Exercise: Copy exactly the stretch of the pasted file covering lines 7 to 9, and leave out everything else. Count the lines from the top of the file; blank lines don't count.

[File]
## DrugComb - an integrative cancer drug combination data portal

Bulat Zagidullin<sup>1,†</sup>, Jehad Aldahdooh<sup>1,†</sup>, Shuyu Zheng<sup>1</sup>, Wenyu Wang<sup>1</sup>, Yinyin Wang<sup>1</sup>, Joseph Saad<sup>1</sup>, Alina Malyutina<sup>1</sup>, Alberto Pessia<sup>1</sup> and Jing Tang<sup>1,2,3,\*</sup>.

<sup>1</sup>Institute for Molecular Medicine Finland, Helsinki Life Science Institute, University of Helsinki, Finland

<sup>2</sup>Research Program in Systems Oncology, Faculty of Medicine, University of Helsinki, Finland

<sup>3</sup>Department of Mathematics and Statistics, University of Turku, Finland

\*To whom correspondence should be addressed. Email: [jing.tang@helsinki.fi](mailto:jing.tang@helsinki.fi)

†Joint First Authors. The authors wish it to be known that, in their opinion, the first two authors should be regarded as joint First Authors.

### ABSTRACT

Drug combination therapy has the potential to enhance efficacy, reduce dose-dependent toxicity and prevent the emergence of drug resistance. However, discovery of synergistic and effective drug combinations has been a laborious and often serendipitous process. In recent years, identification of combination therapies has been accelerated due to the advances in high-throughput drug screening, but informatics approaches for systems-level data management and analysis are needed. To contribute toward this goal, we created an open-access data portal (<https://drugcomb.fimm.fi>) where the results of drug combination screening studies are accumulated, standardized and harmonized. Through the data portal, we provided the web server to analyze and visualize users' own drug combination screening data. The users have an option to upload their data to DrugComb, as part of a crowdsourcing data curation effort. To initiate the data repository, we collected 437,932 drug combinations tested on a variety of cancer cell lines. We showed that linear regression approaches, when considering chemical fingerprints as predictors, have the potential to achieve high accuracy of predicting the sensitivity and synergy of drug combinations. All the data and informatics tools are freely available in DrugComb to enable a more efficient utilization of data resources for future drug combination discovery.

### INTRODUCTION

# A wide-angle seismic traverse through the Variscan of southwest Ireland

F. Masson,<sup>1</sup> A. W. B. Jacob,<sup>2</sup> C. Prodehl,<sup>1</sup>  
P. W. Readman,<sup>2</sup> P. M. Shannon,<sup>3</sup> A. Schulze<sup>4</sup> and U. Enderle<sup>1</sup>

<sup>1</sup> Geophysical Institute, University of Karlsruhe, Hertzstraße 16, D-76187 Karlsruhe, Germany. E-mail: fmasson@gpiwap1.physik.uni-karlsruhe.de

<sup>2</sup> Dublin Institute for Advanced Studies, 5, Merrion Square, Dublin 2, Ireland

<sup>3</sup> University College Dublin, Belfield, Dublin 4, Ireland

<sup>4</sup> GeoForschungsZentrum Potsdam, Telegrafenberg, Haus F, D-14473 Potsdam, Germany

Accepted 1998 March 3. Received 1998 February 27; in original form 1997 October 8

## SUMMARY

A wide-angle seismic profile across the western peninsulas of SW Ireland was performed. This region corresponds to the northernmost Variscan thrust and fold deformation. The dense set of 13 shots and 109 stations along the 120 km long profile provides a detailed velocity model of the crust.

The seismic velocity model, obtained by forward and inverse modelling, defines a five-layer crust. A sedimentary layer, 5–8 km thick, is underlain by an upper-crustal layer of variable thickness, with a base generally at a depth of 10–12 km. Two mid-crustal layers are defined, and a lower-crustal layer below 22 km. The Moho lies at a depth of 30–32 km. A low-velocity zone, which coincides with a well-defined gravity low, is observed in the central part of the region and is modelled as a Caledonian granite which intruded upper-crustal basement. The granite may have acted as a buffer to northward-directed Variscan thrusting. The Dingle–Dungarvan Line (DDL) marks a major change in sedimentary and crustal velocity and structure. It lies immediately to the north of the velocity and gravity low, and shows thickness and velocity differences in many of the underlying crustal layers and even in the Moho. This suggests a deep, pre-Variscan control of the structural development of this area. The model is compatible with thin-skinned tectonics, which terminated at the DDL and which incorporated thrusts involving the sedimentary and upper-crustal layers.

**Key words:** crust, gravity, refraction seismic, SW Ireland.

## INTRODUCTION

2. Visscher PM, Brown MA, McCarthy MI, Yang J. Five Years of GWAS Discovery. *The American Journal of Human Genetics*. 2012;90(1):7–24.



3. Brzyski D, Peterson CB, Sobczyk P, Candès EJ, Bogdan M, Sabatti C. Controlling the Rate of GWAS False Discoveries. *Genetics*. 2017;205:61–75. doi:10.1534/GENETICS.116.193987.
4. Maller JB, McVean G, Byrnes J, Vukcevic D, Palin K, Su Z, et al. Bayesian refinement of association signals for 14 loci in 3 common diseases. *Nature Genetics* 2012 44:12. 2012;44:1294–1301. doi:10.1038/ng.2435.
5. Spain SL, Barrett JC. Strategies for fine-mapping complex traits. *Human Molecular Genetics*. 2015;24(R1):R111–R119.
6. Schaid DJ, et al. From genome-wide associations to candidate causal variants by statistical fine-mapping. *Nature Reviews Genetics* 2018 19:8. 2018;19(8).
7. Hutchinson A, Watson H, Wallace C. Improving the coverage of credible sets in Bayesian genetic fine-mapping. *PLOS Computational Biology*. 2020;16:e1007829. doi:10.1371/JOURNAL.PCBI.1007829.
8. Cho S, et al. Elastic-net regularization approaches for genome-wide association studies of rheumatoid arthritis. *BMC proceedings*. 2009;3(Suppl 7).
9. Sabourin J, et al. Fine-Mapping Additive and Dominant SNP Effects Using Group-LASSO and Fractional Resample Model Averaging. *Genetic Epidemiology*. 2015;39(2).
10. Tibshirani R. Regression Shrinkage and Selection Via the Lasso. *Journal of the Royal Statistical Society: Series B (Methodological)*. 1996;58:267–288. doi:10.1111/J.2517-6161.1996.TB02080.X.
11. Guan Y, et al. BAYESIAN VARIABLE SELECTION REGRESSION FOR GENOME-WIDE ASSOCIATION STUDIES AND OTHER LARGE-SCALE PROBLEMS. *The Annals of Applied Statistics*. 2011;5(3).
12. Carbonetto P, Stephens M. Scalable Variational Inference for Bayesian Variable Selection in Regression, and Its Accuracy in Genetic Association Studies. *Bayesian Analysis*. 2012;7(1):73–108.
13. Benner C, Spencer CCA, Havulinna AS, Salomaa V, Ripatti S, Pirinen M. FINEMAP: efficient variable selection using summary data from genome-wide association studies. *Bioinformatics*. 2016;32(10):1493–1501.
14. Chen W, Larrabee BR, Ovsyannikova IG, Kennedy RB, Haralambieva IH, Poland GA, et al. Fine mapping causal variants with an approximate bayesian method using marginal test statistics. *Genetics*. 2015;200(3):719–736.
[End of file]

†Joint First Authors. The authors wish it to be known that, in their opinion, the first two authors should be regarded as joint First Authors.

### ABSTRACT

Drug combination therapy has the potential to enhance efficacy, reduce dose-dependent toxicity and prevent the emergence of drug resistance. However, discovery of synergistic and effective drug combinations has been a laborious and often serendipitous process. In recent years, identification of combination therapies has been accelerated due to the advances in high-throughput drug screening, but informatics approaches for systems-level data management and analysis are needed. To contribute toward this goal, we created an open-access data portal (<https://drugcomb.fimm.fi>) where the results of drug combination screening studies are accumulated, standardized and harmonized. Through the data portal, we provided the web server to analyze and visualize users' own drug combination screening data. The users have an option to upload their data to DrugComb, as part of a crowdsourcing data curation effort. To initiate the data repository, we collected 437,932 drug combinations tested on a variety of cancer cell lines. We showed that linear regression approaches, when considering chemical fingerprints as predictors, have the potential to achieve high accuracy of predicting the sensitivity and synergy of drug combinations. All the data and informatics tools are freely available in DrugComb to enable a more efficient utilization of data resources for future drug combination discovery.